Reaction to my column last week about beer prices came in hard and fast. Prices are too high. They’re too low. Brewery employees need to make a living wage. I’m looking at it all wrong. I’m insightful. I’m kinda lame and don’t understand the industry.
I got loads of texts from brewers. I got plenty of voice mails from readers.
Given all that passion, and the fact I could barely scratch the surface last week in the allotted space, let’s keep the conversation going with Part II: Digging into the details.
I interviewed three owners of high-profile bottle shops. Two think prices are getting out of control. One says they’re just fine, that supply and demand sorts everything out. I’m somewhere in the middle — brewers, go ahead and get what you can get, but have a long-term vision for pricing. Sure, you’ll get your $18 for a four-pack of cans the first go-round. But if it’s not awesome, you might just be pricing yourself out of business.
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Here is what the bottle shop owners think. They’re right there in the trenches and their customers give them feedback.
Keenan Gorgis, Curtis Park Market: “Sooner or later these prices are going to catch up to them. The hype is there right now. But unless (the breweries) keep putting out better beer with even more hype, I think people will eventually say, ‘Ah, I don’t know.’ As retailers, we actually like the high prices because we make the same margin. If we sell beer for $10, we make 30 percent. If we sell beer for $20, we make 30 percent.
“When you go to Ballast Point (makers of Sculpin IPA, in San Diego), their bottling facility is huge and they’re making huge batches. Our local brewers are making small batches of everything. The beer geeks — and there are more and more every day — don’t care what the price is. Moonraker is charging $18 to $20 (for 16 ounce cans in a four-pack) and they could probably charge $25. Ubahdank (by New Glory) is $14 for a six-pack (of 16 ounces). I think it’s the best IPA out right now.”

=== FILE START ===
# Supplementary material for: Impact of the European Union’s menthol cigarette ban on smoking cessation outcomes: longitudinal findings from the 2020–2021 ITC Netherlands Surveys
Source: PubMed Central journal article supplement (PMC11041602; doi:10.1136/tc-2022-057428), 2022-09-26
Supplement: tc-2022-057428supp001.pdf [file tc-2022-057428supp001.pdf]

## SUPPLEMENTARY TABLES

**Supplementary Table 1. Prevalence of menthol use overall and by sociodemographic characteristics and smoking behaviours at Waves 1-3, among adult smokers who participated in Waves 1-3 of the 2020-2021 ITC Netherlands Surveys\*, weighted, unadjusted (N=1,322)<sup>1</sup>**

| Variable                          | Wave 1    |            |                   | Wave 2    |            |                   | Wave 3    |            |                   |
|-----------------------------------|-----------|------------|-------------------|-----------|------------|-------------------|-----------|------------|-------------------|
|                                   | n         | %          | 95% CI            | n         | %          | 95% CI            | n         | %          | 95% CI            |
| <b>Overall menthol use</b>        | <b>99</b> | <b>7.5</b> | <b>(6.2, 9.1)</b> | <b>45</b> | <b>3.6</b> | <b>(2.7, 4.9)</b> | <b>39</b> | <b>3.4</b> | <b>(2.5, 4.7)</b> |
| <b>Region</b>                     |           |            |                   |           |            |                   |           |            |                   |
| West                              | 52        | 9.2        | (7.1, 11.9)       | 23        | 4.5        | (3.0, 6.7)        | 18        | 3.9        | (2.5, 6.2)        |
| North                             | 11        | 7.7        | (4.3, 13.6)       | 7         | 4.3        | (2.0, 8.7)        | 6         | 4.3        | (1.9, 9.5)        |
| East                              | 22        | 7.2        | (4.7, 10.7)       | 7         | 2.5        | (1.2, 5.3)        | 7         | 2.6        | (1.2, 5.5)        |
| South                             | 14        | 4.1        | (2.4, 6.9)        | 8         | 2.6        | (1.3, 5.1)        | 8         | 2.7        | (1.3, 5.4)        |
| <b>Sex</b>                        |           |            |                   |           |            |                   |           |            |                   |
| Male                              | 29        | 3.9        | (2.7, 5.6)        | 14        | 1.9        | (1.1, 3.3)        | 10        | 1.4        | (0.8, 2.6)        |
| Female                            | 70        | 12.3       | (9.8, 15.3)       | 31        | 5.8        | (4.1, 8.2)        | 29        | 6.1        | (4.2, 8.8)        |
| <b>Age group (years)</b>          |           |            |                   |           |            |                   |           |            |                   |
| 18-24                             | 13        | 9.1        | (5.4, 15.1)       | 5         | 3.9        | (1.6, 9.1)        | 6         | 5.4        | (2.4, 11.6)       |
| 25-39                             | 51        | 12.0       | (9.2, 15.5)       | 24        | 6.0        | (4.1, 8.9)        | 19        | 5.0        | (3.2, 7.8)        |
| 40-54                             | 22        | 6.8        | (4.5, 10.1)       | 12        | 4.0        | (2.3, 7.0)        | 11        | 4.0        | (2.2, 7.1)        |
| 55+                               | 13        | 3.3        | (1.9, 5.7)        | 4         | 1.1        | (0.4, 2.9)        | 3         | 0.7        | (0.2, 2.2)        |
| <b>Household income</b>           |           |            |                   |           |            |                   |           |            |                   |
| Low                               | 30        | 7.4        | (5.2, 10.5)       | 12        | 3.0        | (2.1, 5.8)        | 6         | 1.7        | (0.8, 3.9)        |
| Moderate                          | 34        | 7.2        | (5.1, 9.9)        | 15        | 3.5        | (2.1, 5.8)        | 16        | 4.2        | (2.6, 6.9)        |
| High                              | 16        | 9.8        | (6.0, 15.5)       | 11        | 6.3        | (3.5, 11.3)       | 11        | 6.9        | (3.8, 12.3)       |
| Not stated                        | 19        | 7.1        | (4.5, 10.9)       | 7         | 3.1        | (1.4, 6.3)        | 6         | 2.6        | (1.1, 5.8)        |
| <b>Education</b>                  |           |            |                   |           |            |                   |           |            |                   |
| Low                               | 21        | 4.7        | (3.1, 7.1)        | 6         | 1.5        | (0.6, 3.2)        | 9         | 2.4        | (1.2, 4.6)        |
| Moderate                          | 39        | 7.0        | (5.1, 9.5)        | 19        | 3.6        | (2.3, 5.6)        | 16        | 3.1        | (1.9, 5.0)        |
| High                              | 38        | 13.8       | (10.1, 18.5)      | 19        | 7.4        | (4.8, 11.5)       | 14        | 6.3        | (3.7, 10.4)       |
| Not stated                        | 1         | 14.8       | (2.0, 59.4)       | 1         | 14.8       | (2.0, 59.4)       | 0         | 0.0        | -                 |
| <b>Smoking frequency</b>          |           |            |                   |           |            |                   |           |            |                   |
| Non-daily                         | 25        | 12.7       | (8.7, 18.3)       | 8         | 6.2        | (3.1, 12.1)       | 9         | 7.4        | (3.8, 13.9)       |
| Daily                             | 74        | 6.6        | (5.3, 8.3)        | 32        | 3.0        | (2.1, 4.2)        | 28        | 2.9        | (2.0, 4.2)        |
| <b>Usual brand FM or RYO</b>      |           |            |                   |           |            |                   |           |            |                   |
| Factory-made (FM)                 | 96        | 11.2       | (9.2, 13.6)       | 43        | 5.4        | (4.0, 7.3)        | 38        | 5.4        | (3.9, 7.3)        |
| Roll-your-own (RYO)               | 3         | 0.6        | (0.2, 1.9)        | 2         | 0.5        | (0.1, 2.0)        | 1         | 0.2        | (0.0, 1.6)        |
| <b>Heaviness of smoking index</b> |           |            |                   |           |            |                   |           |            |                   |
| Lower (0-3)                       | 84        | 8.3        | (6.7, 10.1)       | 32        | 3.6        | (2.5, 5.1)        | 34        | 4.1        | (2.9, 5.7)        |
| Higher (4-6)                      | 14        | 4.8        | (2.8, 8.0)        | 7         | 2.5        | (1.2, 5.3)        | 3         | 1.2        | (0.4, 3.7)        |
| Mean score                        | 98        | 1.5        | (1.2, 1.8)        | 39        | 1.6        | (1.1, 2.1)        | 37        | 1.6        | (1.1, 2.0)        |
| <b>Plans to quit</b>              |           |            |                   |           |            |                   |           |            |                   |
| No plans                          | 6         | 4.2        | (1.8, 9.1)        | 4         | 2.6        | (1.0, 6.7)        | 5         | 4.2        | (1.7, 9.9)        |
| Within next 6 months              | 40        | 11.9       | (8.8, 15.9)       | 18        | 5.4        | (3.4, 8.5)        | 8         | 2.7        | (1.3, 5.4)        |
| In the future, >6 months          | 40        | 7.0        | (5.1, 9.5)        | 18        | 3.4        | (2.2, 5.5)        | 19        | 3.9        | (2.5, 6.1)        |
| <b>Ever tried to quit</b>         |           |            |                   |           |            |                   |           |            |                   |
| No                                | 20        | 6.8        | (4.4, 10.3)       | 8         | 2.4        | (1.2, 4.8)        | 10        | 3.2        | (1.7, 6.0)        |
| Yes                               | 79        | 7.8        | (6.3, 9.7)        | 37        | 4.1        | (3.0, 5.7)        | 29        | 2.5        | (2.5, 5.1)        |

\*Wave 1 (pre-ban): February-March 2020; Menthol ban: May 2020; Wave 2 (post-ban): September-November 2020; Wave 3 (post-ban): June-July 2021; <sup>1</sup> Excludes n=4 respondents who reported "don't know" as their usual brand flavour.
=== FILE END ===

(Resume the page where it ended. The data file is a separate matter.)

Dara Hang, Long’s Bottle Shop (Grass Valley): “It hasn’t really crossed my mind (that prices are too high). These guys are making good beer, it’s in demand and consumers are paying for it. When Ballast Point came out, they labeled themselves as premim and charged $15 for a six-pack. It’s the same with Moonraker and Track 7. They’re selling out of beer, so for them, price is not a problem. Alvarado Street is no longer accepting new retailers and their beer is $20 for a four-pack. If brewers continue to make great beer, it will continue to sell.”
Rohit Nayyar, RoCo Wine & Spirits: “They’re ridiculous. The prices have gone super up on these beers. Now I have beer on the shelf that’s $23.99 for a four-pack. I don’t think these prices are sustainable. It’s getting just like wine. There’s a balance that this industry needs to find. Right now, there’s a sticker shock with a lot of customers.”
After last week’s column, where I suggested that newer breweries resist the urge to charge $18 for four-packs of cans and come in at, say, $10.99 to build a following, I heard from Bike Dog co-owner A.J. Tendick via text: “We are releasing Dog Years IPA next month in cans (4 x 16 oz.) and had an internal discussion about not pricing people out, trying to keep craft beer approachable and affordable, and got it priced so it should sell at $10.99 in stores. You read our minds.”
David Mathis, owner of American River Brewing: “I look at the most expensive top-end beers and the lowest of the craft brands. I’d like to position my brand right in the center price-wise. I’ve always had a strong belief that beer should be in the hands of everybody. Pricing yourself too high alienates you from a large percentage of the craft beer crowd. We’ve had internal discussions about raising prices, but the moment you do that, you’re going to get pushback.”
While it’s a lot more fun talking about great beer, exciting new hops, and all the creativity and innovation in craft beer, price is something these brewers have to get right. Craft beer is still only about a 30 percent market share locally. That’s excellent, but it means there are plenty of people on the outside looking in. Price could be what’s holding some of them back.
Given the high quality of craft beer, the number of breweries and the level of competition these days, if a new brewery gets the price-quality equation wrong and turns off potential customers, it could be a fatal mistake.